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The Problem With Not Giving Negative Feedback

Underperformance
Feedback
Internal Communication

5 June, 2018

Erik Barbara

Erik Barbara

Engineering Director at Duo Security

Erik Barbara explains the importance of providing negative feedback quickly and openly so that your direct reports can grow and change.

Problem

I inherited a new team, and before taking over as a manager, I went through a briefing session with the team's prior manager. He told me that one of the team members had had a couple of occasions where performance was an issue, but it wasn't brought up in the meeting that it was a serious problem for this direct report. I started managing him and started to find that every couple of months there would be an incident where a bug or defect was found in his coding. These were typically problems that were brought to me by other engineers or other managers in the company.

Actions taken

My response to that was to initially give him the benefit of the doubt and to ignore the problems that were occurring. I was scared of what he would think of me and that he would like me less as a manager if I gave him honest, brutal feedback. However, the problems continued to progress until the point where I was receiving feedback every week from people about his poor performance. At that point, it was very clear to me that I had not done my job as an engineering manager. I had failed him. My response was to get HR involved, as I thought he needed to be put on a performance improvement plan. They recommended that I have a very serious conversation with him first. I did this, but, unfortunately, in my conversation with him, I was not very clear about objective criteria or cases where he had performed badly. I had to go back to all of the cases where individuals had provided me with feedback, and gather these cases up into a document I could show him with an outline of times he had made mistakes. This allowed me to show him cases where he had not been receptive to feedback from his peers. He explained that these had been cases where he thought he was just sharing ideas with people, but others had perceived it as him not being willing to listen to ideas or feedback. I then put him on a 30-day performance improvement plan, as advised by our HR department. But, providing him with objective feedback allowed him to change his behaviors and communicate better that when he replied to his peers he wasn't dismissing their ideas, he just wanted to have a discussion. This then allowed his peers to understand he wasn't ignoring them or being uncollaborative, he just wants to understand more. Eventually, I was able to take him off of the plan and several of his peers followed up with me to tell me that his behavior had dramatically improved.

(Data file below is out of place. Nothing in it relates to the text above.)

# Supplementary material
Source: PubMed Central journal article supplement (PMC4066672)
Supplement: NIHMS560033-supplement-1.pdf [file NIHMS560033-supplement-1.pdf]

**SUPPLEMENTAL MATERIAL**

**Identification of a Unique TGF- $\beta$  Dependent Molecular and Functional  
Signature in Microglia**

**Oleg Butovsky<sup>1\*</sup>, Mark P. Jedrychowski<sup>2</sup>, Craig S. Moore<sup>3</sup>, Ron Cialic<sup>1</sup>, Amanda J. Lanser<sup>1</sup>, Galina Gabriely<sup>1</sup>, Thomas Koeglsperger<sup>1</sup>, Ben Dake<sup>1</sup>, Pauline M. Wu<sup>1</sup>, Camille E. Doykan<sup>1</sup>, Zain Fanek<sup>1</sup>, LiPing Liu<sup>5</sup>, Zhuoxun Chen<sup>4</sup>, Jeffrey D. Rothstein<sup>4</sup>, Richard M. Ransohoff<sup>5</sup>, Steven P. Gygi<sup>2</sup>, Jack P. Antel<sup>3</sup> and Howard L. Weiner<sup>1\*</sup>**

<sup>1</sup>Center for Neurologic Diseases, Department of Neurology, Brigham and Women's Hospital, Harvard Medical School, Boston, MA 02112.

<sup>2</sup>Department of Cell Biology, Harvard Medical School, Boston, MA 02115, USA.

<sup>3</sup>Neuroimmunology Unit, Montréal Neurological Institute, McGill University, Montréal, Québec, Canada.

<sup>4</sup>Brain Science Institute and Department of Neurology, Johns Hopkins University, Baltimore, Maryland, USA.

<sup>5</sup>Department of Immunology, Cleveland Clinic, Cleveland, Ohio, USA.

Lessons learned

Provide feedback regularly and consistently to your direct reports instead of waiting until you have really bad news to share. However, when giving feedback, do so objectively and provide details. This gives your reports the best possible to chance to grow and improve.


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